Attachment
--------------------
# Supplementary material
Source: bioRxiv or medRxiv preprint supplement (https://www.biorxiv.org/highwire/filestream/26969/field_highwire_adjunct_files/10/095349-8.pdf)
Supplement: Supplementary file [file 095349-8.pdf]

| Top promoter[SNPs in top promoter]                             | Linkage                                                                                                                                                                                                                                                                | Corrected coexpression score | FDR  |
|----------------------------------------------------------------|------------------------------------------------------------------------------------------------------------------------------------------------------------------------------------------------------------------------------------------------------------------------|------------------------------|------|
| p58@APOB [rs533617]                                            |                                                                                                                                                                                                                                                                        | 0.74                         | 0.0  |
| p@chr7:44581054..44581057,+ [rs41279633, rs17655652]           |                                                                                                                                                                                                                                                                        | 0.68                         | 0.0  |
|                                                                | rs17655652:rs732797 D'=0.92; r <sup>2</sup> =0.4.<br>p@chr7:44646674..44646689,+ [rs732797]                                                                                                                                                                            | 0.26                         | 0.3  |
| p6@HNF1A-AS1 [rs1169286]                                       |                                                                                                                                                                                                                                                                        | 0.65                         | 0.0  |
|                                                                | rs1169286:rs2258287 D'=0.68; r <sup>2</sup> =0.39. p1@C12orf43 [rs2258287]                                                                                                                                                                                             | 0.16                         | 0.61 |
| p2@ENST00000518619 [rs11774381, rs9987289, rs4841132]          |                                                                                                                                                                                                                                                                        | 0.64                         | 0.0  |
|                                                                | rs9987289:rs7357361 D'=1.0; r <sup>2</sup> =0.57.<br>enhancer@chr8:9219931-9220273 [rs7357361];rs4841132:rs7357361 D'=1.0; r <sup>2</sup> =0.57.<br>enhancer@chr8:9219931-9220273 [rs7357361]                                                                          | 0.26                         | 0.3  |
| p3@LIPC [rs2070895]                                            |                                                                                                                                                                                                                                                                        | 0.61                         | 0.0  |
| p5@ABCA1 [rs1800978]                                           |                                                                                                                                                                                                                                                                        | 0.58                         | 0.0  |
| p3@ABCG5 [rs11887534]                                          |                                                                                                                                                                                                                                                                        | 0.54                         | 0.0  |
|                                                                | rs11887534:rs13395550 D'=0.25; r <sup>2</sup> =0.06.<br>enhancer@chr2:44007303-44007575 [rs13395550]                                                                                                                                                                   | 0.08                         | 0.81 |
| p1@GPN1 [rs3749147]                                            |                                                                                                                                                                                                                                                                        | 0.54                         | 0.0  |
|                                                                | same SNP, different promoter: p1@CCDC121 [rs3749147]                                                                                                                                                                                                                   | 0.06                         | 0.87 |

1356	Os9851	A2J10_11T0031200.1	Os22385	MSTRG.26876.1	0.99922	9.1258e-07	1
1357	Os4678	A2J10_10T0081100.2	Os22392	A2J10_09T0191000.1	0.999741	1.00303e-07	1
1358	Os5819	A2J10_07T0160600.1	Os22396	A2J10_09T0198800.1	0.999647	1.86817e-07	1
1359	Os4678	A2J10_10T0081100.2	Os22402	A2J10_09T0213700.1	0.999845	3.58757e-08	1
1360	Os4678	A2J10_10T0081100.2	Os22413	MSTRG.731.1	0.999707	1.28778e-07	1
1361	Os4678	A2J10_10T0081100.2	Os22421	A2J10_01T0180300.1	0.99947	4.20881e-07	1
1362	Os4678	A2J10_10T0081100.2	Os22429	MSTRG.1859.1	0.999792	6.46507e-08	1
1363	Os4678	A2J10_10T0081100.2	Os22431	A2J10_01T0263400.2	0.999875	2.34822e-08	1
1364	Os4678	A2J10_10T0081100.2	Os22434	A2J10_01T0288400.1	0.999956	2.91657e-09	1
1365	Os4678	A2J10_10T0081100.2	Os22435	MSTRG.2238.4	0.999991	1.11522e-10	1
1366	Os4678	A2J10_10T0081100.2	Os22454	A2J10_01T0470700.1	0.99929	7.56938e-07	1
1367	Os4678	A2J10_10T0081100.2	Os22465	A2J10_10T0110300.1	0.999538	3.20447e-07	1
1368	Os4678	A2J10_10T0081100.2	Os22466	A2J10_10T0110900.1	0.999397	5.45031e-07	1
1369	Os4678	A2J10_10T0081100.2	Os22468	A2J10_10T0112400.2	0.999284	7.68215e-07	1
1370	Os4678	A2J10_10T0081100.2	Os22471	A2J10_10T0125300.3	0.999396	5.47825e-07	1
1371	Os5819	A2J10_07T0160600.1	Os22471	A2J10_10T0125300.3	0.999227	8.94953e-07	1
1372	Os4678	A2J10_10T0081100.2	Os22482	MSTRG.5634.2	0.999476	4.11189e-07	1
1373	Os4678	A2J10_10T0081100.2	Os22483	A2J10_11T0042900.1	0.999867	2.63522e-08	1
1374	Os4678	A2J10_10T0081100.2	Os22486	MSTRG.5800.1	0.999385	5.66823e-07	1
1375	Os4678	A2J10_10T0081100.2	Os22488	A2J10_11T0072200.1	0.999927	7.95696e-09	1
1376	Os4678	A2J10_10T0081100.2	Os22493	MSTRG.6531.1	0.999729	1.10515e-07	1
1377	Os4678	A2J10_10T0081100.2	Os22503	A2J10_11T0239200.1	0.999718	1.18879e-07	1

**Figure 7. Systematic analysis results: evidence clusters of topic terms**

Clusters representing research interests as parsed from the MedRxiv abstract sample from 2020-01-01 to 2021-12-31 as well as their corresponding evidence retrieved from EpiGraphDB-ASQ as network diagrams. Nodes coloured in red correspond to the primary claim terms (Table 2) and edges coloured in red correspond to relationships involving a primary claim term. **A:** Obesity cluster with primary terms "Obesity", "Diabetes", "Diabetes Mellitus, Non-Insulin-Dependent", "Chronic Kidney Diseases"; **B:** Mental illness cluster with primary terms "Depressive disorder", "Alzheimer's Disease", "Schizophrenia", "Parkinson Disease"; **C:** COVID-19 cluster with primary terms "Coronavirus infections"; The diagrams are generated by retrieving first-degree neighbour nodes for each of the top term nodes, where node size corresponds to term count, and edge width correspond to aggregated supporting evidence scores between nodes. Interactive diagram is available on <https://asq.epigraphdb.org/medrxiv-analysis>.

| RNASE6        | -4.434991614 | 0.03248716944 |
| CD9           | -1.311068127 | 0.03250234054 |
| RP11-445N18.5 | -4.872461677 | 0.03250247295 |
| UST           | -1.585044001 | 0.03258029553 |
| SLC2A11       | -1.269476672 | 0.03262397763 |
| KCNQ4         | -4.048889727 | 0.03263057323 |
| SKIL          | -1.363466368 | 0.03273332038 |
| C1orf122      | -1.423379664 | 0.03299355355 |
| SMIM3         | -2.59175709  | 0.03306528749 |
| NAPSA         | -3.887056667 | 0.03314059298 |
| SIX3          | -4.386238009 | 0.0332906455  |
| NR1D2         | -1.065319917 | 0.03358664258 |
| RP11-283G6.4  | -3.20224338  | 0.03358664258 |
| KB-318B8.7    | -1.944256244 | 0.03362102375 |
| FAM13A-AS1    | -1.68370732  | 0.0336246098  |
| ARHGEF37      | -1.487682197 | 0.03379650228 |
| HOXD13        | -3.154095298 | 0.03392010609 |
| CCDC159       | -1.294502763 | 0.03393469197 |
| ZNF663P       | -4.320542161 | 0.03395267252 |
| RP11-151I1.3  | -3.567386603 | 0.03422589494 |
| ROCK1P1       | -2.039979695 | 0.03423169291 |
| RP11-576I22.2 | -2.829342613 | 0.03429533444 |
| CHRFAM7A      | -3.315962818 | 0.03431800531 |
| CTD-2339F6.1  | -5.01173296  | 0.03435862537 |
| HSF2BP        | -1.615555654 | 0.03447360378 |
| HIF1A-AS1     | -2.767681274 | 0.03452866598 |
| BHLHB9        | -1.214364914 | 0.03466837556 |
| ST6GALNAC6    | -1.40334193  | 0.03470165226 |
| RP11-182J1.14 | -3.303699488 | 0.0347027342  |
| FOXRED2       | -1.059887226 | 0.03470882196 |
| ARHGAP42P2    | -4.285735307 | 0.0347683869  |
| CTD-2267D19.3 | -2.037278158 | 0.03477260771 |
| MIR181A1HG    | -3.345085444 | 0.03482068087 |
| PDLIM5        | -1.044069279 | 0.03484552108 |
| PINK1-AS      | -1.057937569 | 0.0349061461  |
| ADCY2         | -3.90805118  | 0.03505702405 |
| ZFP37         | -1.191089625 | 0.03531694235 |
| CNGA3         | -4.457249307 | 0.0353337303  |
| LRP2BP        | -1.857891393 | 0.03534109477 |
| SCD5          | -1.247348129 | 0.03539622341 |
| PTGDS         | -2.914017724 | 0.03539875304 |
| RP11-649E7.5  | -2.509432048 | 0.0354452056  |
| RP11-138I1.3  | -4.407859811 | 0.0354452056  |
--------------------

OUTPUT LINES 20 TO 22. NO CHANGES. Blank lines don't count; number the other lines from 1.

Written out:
1357	Os4678	A2J10_10T0081100.2	Os22392	A2J10_09T0191000.1	0.999741	1.00303e-07	1
1358	Os5819	A2J10_07T0160600.1	Os22396	A2J10_09T0198800.1	0.999647	1.86817e-07	1
1359	Os4678	A2J10_10T0081100.2	Os22402	A2J10_09T0213700.1	0.999845	3.58757e-08	1